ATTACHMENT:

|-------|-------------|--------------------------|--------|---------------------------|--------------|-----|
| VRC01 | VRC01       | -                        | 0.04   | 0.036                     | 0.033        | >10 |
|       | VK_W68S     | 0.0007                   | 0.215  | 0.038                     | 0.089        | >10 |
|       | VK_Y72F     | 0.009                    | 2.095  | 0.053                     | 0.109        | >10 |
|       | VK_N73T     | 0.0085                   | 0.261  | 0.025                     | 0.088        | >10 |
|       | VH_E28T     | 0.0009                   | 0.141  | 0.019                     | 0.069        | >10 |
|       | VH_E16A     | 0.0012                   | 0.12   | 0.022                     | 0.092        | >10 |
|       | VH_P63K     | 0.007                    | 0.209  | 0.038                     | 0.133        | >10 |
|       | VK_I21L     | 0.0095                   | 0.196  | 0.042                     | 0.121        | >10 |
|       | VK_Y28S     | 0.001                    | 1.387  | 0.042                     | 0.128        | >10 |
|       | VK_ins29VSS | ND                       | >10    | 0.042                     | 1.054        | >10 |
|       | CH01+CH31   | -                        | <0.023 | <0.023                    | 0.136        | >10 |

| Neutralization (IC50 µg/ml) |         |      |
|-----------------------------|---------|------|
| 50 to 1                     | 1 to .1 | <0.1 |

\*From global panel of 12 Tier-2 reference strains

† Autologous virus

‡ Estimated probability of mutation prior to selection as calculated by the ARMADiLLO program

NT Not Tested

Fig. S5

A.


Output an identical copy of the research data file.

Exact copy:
|-------|-------------|--------------------------|--------|---------------------------|--------------|-----|
| VRC01 | VRC01       | -                        | 0.04   | 0.036                     | 0.033        | >10 |
|       | VK_W68S     | 0.0007                   | 0.215  | 0.038                     | 0.089        | >10 |
|       | VK_Y72F     | 0.009                    | 2.095  | 0.053                     | 0.109        | >10 |
|       | VK_N73T     | 0.0085                   | 0.261  | 0.025                     | 0.088        | >10 |
|       | VH_E28T     | 0.0009                   | 0.141  | 0.019                     | 0.069        | >10 |
|       | VH_E16A     | 0.0012                   | 0.12   | 0.022                     | 0.092        | >10 |
|       | VH_P63K     | 0.007                    | 0.209  | 0.038                     | 0.133        | >10 |
|       | VK_I21L     | 0.0095                   | 0.196  | 0.042                     | 0.121        | >10 |
|       | VK_Y28S     | 0.001                    | 1.387  | 0.042                     | 0.128        | >10 |
|       | VK_ins29VSS | ND                       | >10    | 0.042                     | 1.054        | >10 |
|       | CH01+CH31   | -                        | <0.023 | <0.023                    | 0.136        | >10 |

| Neutralization (IC50 µg/ml) |         |      |
|-----------------------------|---------|------|
| 50 to 1                     | 1 to .1 | <0.1 |

\*From global panel of 12 Tier-2 reference strains

† Autologous virus

‡ Estimated probability of mutation prior to selection as calculated by the ARMADiLLO program

NT Not Tested

Fig. S5

A.